2005 civil unrest in France

and the current youth riots of today:

Paris braced for more riots over employment protests
Starvid, Sweden said…
Centralization and strict technocratic government control does work well in certain situations when massive ultra-capital-intensive investments have to be made, for example in transportation and power generation. But it either requires a strong executive power or political consensus, things that are quite lacking in the US. The federalism of the US vs. the centralism of France makes it even harder to make such things work.

Does anyone believe the US net of superhighways would ever have been built without massive government support?

If I were president (and had congress on a tight leash etc etc all damn checks and balances) I would create a government owned power company (let's call it American Energy) and order a batch of 50 new nuclear reactors.

Then I'd sell those reactors to private power companies (expensively) and use the profits to give the US a useful centrally managed continental power grid. One that does not break down spectacularily all the time like the current which is in deep disrepair.

If I haven't yet been burned at the stake by the prophets of neoliberalism I'd spend a few hundred billion dollars to build TGV across the whole US and connect all major cities (hey, it's just the cost for a few months in Iraq anyways).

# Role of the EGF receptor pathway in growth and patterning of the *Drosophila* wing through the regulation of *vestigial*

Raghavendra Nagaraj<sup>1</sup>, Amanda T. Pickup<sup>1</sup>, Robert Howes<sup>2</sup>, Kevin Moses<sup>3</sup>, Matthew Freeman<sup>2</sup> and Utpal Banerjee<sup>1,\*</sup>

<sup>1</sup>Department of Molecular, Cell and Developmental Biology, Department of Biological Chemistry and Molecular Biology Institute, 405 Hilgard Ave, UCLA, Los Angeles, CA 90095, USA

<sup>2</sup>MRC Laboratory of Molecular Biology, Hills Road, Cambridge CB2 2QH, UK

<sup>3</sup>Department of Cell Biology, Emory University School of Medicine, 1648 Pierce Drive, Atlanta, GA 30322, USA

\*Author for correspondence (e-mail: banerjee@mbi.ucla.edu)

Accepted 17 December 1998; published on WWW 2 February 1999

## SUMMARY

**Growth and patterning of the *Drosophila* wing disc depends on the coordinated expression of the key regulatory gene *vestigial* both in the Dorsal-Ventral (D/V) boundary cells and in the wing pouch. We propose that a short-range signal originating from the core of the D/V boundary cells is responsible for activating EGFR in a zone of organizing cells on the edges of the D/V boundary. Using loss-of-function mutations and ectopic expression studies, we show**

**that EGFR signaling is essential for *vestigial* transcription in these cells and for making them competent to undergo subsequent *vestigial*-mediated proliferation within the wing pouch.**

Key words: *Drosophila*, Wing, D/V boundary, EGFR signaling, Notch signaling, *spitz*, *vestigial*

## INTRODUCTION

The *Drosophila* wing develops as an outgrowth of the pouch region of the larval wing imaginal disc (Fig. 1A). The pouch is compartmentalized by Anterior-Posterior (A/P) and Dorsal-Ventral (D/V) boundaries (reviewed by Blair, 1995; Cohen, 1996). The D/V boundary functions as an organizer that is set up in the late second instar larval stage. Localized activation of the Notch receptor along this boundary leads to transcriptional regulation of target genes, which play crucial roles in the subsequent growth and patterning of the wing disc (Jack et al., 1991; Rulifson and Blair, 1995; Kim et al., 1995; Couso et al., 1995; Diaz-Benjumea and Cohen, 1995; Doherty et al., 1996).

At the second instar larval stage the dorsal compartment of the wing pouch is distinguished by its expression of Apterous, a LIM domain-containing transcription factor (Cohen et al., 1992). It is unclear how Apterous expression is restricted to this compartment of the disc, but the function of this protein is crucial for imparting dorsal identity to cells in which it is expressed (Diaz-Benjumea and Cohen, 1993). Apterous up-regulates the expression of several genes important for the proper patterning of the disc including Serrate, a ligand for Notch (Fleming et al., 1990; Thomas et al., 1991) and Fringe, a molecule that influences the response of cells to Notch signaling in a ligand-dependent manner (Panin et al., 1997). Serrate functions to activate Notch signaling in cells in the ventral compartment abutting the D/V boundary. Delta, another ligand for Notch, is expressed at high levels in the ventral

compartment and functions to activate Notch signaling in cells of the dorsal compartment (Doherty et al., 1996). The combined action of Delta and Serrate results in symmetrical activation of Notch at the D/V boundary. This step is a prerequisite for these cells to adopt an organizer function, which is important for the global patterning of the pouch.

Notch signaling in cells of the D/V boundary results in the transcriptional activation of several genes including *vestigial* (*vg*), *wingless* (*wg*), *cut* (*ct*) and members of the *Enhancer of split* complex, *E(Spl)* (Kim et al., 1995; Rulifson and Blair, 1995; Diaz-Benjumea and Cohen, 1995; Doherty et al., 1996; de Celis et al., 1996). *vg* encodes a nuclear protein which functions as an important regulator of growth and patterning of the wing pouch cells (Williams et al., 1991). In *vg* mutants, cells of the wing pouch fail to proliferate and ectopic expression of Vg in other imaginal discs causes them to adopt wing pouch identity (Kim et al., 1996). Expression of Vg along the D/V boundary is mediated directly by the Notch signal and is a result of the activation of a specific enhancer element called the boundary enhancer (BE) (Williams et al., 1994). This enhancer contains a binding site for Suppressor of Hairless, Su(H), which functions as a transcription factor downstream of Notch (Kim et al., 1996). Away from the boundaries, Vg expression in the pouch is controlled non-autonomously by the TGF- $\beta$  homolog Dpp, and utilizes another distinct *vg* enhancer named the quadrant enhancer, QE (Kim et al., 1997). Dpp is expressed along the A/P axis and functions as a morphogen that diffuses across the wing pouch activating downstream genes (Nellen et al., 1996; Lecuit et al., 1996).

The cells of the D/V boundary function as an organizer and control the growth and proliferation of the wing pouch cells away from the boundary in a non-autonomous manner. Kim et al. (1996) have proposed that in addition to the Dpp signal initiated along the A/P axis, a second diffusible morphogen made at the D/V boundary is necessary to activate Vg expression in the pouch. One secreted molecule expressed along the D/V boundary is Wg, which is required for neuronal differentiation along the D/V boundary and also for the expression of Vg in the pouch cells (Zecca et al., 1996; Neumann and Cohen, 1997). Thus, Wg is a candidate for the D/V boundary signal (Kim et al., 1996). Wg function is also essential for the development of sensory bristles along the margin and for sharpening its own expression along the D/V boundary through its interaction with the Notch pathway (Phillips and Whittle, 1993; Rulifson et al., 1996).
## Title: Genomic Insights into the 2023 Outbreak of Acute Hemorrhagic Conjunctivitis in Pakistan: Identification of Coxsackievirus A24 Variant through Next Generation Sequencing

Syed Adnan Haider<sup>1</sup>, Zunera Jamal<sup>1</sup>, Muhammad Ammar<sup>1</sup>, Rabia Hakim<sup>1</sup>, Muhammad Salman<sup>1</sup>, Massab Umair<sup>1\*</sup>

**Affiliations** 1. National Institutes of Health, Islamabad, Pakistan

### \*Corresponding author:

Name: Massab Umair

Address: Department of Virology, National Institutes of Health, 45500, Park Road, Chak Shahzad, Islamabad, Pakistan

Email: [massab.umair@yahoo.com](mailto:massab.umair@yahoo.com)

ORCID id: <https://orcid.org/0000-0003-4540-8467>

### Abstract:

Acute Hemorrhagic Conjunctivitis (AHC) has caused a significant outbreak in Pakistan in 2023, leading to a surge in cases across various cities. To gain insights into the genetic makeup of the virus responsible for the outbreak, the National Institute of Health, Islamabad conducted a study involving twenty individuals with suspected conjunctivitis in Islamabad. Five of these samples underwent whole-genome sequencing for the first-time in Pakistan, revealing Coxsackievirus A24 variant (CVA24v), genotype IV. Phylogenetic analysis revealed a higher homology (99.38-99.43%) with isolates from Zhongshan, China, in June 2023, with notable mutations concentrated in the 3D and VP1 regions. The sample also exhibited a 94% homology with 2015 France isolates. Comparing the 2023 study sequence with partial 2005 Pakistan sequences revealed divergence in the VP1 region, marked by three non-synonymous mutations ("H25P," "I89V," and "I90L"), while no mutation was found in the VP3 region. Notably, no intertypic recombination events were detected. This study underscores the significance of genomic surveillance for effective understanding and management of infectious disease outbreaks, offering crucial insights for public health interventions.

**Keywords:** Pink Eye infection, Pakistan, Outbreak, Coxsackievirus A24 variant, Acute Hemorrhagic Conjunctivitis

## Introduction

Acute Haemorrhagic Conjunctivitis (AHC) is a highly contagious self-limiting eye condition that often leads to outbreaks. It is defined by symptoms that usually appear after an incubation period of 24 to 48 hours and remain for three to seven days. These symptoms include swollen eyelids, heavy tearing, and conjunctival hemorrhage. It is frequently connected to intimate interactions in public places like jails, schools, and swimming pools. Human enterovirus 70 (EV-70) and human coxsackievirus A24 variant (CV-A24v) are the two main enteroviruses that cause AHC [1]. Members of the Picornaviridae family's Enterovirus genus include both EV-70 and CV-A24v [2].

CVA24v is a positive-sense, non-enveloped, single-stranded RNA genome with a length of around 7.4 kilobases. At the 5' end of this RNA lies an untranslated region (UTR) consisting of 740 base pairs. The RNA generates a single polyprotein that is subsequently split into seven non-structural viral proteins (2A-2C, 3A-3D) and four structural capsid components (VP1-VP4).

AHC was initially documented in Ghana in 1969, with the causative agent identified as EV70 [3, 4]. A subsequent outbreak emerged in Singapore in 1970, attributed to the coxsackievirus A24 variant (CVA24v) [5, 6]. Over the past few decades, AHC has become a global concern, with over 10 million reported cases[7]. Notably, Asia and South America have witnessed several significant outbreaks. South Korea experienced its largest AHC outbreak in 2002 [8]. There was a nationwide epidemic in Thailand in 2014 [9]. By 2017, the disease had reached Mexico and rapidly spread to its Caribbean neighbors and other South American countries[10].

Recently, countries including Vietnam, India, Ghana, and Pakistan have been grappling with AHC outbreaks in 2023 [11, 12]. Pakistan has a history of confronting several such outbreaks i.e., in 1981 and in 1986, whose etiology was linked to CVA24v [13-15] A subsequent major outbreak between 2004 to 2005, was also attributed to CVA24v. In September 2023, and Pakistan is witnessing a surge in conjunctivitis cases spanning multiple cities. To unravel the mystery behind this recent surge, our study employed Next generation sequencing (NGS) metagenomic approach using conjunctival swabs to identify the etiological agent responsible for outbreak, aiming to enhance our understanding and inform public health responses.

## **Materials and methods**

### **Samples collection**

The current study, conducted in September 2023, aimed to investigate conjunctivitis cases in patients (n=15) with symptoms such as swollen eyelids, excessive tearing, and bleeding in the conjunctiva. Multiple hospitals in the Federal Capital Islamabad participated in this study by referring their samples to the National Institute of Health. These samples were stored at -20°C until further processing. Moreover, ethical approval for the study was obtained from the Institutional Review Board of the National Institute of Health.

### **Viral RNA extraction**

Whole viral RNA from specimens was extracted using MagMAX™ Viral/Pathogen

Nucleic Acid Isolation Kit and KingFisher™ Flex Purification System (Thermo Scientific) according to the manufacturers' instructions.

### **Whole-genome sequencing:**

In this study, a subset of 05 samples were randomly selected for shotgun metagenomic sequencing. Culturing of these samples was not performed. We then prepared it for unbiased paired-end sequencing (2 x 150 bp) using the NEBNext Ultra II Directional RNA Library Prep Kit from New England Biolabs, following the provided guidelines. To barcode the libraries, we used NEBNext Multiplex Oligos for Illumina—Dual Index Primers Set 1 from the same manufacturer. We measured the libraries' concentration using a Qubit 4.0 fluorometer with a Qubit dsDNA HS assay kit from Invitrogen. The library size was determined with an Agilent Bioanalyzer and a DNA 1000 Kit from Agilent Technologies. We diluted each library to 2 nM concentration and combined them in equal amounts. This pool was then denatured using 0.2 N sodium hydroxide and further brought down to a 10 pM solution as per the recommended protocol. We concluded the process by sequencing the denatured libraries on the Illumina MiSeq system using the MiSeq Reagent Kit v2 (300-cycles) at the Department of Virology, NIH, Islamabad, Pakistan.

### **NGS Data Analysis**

Then I'd order 200 more reactors.

Taxes are too low in the US anyways. ;)
Paul Primavera said…

You said, "If I haven't yet been burned at the stake by the prophets of neoliberalism..."

Sadly, either that or crucifixion is what happens to people who make too much sense (being forced to drink hemlock, too, but that just means that you are in august company).

I disagree with socialist policies, but you have made a valid and cogent argument for government involvement in major infrastructure development (e.g., new nuclear power plants, massive railroad transportation system).

I am reminded of what my favorite author once wrote:

"Any government will work if authority and responsibility are equal and coordinate. This does not insure 'good' government; it simply insures that it will work. But such governments are rare--most people want to run things but want no part of the blame: This used to be called the 'backseat-driver syndrome.'

I fear that politicians in both France and the US "want no part of the blame", especially when they ARE to blame.
gunter said…
The "onerous burden of its socialist economic programs," indeed, is most graphically detailed by Frances nuclear power program.
Brian Mays said…
Yes, I see your point. France would be much better off if it was even more dependent on natural gas from Russia or if it imported electricity from across its boarders. It's a socialist economic disaster of the highest order that the French people have been robbed of these things. It is no wonder that they protest all of the time.

The Italians would be better off too, since they would not have to suffer the humiliation of buying so much of their electricity from France.

Popular posts from this blog